Don’t miss the Baptist Center for Ethics’ luncheon in Memphis on Thursday, June 19, at the Cooperative Baptist Fellowship’s annual gathering. You will hear a Methodist law-school professor who rocked Alabama’s faith community out of its moral lethargy about an unfair tax structure; encouraged a Republican governor, who sought justice for the least of those in his state; and grabbed the attention of the Wall Street Journal.

She has the moral vision of a biblical prophetess and the analytical carefulness of a tax expert. I’ve witnessed her steal the thunder from a gifted Baptist preacher and a brilliant congressman at a screening we did in Birmingham last year on the rightful role of faith in politics.

She’ll make you think in new ways. She’ll make you uncomfortable. She’ll make you laugh. But she will not disappoint you with her energetic, compelling message.

Our speaker is Susan Pace Hamill. A University of Alabama School of Law professor, Hamill came to national prominence in 2002, following the release of her study that evaluated Alabama’s tax structure from the vantage point of the biblical witness’ teachings on justice and poverty. She concluded that the system was immoral and that the state’s Christian majority, some 90 percent of the residents, ought to reform the tax code.

“From a biblical perspective, our philosophy regarding taxation should reflect a moral conversation, not faddish economic theories or the privilege of power and money. Instead of embodying justice and working for the common good, our system of taxation reflects the values of selfish individualism,” she wrote in in 2006.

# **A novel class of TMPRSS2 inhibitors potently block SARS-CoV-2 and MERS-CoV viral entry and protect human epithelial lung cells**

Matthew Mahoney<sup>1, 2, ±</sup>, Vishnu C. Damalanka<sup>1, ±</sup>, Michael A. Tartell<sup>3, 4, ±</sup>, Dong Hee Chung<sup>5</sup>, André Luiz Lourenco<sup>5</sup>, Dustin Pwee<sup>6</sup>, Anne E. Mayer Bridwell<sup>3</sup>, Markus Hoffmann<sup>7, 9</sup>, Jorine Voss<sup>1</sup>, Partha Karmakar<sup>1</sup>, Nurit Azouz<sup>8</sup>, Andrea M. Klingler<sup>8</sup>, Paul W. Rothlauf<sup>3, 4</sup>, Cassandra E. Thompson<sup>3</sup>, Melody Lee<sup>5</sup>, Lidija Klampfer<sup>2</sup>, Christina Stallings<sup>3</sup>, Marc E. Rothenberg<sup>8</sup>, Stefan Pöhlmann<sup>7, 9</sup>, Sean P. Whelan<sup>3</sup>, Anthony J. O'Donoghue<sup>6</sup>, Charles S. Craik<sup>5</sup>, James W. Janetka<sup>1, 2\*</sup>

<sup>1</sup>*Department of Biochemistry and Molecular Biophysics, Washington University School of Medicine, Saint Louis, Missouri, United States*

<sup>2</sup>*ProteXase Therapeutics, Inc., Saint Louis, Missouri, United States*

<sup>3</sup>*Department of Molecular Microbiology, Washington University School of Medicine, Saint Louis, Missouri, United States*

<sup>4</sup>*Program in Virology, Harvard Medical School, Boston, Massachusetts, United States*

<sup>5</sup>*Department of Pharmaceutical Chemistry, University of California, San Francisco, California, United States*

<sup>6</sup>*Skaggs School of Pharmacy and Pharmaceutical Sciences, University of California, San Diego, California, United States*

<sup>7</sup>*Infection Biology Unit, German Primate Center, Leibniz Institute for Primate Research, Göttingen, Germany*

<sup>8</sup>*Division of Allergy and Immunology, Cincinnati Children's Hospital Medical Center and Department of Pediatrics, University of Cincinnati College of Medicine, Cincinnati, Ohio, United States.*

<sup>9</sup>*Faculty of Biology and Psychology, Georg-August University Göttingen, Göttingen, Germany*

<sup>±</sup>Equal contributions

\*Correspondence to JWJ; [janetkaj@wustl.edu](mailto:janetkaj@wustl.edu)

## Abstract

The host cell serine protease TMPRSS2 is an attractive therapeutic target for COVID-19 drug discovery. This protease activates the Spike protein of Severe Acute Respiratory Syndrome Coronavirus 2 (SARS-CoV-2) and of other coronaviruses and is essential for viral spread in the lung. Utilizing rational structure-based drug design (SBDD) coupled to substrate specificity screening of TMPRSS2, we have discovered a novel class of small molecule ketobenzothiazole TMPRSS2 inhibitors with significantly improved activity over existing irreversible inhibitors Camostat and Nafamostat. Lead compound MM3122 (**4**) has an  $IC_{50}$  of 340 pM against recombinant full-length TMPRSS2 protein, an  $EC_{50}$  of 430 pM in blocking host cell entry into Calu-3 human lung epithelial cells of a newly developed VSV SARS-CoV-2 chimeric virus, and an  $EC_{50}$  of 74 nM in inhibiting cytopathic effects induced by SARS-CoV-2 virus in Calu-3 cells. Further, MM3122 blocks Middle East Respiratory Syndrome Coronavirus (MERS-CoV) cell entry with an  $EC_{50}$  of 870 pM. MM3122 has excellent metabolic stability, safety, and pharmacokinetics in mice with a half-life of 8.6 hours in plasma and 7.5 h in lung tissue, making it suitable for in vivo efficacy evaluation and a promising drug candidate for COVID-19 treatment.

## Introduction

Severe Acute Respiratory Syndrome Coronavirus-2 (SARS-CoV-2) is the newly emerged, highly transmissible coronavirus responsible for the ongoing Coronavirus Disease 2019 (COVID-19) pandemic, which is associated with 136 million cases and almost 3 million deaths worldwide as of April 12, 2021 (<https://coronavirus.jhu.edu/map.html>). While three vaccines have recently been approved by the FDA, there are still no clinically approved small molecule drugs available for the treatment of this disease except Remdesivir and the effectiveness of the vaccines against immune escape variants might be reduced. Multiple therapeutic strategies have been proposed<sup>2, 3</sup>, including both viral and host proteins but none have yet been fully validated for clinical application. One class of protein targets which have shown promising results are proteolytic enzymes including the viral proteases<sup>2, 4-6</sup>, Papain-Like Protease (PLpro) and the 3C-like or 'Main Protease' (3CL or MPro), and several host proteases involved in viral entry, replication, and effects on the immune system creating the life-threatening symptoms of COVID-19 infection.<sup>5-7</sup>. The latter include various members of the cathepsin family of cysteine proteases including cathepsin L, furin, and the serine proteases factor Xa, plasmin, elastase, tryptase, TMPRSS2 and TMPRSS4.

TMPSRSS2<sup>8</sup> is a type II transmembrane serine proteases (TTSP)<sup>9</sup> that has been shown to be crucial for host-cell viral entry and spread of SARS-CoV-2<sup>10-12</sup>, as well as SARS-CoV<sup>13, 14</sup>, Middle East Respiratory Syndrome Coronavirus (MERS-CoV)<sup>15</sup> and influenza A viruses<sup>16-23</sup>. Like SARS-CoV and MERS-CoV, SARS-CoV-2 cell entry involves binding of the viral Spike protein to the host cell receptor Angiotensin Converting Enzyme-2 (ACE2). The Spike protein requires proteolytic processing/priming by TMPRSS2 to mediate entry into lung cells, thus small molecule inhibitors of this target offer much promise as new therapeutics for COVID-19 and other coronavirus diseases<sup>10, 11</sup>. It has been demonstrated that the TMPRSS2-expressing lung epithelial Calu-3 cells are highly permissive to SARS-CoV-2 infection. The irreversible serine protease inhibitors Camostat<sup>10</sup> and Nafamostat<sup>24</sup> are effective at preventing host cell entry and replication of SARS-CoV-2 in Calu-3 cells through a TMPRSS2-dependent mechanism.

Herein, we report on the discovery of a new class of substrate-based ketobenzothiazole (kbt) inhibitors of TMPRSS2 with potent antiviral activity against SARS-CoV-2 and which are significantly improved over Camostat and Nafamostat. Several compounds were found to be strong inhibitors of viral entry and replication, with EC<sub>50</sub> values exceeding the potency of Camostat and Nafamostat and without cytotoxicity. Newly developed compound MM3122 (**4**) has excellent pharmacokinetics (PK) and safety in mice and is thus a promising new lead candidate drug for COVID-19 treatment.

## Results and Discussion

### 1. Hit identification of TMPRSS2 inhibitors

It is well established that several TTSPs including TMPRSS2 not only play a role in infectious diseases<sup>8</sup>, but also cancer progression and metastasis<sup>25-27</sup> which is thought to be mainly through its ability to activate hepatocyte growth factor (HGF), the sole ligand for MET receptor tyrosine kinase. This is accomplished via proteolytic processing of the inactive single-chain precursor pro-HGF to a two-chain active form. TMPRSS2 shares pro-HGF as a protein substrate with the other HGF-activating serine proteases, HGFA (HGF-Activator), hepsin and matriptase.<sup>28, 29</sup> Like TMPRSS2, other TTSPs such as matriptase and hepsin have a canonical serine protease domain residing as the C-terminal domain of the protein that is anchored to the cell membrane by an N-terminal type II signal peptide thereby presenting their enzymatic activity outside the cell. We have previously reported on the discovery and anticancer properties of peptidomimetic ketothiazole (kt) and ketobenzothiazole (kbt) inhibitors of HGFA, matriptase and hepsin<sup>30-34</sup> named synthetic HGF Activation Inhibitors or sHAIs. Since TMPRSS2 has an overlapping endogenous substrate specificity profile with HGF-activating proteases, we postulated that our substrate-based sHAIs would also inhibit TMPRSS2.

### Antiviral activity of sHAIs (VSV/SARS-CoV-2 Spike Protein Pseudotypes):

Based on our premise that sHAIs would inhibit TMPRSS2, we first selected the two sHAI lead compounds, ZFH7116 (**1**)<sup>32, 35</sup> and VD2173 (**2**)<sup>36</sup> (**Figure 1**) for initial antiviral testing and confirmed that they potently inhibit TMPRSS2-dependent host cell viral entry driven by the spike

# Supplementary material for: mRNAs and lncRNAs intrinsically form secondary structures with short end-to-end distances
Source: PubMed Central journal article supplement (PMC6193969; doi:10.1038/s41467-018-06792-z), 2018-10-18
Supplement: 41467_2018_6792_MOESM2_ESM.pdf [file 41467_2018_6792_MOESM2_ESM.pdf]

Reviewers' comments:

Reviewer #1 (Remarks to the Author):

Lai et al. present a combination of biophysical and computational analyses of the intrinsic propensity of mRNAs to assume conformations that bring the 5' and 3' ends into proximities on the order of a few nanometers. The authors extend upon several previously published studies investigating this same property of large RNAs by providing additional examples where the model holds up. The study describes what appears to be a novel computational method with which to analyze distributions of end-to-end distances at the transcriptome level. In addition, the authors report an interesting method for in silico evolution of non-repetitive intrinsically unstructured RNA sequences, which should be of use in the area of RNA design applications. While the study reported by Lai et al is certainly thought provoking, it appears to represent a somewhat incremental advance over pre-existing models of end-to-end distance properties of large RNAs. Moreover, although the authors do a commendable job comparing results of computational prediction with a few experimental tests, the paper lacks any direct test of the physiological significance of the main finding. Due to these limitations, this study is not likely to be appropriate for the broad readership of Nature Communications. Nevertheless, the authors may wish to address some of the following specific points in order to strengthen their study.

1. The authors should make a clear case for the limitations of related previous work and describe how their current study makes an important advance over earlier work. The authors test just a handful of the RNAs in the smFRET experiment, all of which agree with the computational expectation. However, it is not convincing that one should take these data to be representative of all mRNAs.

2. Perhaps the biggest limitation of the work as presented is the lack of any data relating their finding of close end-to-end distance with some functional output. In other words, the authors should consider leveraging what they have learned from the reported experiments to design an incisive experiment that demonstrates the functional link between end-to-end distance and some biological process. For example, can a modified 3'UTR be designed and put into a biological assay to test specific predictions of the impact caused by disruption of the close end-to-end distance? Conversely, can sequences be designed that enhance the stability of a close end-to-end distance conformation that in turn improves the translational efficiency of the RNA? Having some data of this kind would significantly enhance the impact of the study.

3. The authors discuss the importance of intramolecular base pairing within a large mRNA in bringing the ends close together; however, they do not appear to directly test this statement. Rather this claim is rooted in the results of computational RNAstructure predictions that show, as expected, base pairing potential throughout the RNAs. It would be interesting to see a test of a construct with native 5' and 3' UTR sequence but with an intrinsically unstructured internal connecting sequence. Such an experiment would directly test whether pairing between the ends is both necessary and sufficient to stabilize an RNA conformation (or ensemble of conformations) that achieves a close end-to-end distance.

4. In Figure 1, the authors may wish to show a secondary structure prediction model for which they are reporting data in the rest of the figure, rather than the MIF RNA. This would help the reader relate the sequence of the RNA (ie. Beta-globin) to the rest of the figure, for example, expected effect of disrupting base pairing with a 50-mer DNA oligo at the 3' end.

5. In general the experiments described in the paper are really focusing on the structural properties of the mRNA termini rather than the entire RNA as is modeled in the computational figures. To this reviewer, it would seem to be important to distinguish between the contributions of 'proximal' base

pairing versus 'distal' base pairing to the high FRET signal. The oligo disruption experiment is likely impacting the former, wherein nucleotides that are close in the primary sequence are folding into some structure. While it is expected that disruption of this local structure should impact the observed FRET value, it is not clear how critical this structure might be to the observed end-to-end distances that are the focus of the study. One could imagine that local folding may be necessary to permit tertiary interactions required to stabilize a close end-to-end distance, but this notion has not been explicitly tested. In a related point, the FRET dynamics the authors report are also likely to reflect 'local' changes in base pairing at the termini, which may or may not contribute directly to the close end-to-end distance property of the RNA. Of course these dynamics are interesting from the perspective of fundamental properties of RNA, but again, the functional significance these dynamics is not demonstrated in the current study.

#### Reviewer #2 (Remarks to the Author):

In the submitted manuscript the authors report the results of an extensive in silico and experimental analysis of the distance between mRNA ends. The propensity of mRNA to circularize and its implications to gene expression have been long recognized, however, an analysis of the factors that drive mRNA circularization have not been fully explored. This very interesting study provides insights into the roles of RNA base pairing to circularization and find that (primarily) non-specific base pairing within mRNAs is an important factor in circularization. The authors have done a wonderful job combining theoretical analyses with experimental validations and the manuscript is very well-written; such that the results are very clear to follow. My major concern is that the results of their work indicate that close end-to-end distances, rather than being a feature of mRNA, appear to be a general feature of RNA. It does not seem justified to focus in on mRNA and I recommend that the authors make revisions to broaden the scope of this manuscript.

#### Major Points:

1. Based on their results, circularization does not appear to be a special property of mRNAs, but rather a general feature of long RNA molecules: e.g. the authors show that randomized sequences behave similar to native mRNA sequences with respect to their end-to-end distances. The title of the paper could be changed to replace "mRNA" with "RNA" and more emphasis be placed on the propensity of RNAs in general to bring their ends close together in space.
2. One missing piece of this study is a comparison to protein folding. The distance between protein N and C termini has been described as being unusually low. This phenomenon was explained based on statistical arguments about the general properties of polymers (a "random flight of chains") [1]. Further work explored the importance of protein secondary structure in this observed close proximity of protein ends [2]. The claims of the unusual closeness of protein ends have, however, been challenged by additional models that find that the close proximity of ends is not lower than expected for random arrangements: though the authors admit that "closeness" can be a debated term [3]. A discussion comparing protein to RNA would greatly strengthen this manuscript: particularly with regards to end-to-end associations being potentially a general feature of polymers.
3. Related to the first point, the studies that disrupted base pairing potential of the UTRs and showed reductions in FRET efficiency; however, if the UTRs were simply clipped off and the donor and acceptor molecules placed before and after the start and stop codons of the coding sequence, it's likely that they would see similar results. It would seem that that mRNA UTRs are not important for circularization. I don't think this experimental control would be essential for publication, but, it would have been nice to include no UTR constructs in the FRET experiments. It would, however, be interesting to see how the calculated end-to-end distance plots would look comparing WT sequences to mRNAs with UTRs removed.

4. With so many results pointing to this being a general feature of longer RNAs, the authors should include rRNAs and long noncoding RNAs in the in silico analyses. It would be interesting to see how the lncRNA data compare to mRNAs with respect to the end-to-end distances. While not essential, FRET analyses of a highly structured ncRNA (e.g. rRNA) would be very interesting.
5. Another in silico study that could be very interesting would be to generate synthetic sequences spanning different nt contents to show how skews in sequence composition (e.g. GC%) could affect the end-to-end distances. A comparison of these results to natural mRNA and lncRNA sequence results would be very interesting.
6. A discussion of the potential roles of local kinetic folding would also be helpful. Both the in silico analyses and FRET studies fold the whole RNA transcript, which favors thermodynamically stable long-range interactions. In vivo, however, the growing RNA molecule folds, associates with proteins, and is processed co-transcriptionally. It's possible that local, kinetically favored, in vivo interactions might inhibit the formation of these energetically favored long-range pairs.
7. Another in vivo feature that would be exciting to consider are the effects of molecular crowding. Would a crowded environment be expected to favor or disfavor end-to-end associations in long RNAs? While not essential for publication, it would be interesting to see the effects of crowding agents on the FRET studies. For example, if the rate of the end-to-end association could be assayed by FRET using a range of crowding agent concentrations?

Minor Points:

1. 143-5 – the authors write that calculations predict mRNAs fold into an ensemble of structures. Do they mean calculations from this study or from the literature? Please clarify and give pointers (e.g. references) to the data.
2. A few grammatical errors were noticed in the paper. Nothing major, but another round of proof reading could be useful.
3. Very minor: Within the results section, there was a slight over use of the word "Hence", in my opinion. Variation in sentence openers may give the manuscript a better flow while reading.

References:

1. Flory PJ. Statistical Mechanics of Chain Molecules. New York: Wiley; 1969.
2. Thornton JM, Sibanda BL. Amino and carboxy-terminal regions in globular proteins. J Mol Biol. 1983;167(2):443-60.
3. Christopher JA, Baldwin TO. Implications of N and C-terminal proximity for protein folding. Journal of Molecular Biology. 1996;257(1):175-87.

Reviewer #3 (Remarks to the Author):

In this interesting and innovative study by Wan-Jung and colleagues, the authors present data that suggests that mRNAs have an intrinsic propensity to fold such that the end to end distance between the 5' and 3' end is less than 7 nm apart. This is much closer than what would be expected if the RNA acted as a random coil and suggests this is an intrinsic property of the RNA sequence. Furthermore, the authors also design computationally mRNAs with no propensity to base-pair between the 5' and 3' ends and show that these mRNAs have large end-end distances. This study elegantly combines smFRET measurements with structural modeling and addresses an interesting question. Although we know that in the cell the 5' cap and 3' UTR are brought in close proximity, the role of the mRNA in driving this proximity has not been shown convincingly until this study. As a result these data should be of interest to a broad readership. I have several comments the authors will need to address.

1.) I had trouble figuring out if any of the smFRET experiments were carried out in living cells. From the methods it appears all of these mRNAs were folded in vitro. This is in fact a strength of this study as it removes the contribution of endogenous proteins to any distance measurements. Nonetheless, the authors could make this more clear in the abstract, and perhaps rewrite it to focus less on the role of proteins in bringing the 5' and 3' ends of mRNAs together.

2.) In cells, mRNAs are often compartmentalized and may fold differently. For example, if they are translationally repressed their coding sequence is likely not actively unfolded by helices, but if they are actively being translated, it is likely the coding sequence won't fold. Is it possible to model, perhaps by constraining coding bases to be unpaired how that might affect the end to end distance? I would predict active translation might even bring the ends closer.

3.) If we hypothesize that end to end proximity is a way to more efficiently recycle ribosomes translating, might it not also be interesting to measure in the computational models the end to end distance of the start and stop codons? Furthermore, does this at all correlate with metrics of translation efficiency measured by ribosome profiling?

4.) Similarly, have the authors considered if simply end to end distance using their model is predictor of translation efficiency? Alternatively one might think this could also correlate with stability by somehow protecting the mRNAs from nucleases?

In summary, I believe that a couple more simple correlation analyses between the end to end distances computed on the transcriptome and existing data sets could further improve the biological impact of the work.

She asked, “When the Bible makes thousands of references to our responsibility to do justice for the least of these in our midst, why is it so difficult to make the connection between taxation and biblical ethics?”

Her answer came in two parts. First, she said American Christians “are too narrowly focused on the ‘self-help’ aspects of being a Christian, for example, on personal salvation…. [W]e are called to the way of the cross in the long walk of discipleship.”

Second, Hamill said Christians “get obsessed with certain hot-button issues like abortion, stem-cell research and homosexuality. While I affirm that these issues are important to Christian faith, it is nonetheless telling that the issues of economic justice, which are so important in the Bible and which impact so many poor and middle-class people in American society, are often simply ignored with regard to tax policy.”

In “Golden Rule Politics,” one of our 2007 educational DVDs, she distinguished between “low-sacrifice” and “high-sacrifice” moral issues.

Hamill’s newest book, a 600-page survey, As Certain as Death, examines the laws in all 50 states by the biblical standards of justice. She identifies some states as the “sinful six” and others as the “dreadful dozen.” These are states that make the poor to pay a higher portion of their income in taxes than the rich. Yet these states provide little aid to the impoverished and working poor.

I hope readers will attend our luncheon and invite their friends to do likewise. The tickets are $31 and can be ordered online.

Individuals or organizations may reserve an entire table, which seats 10 people and costs $310. A number of churches and organizations have placed table orders.


If you haven’t ordered tickets, do so pronto. The deadline for tickets is fast approaching. I promise you—you don’t want to miss Susan Pace Hamill.

Robert Parham is executive director of the Baptist Center for Ethics.

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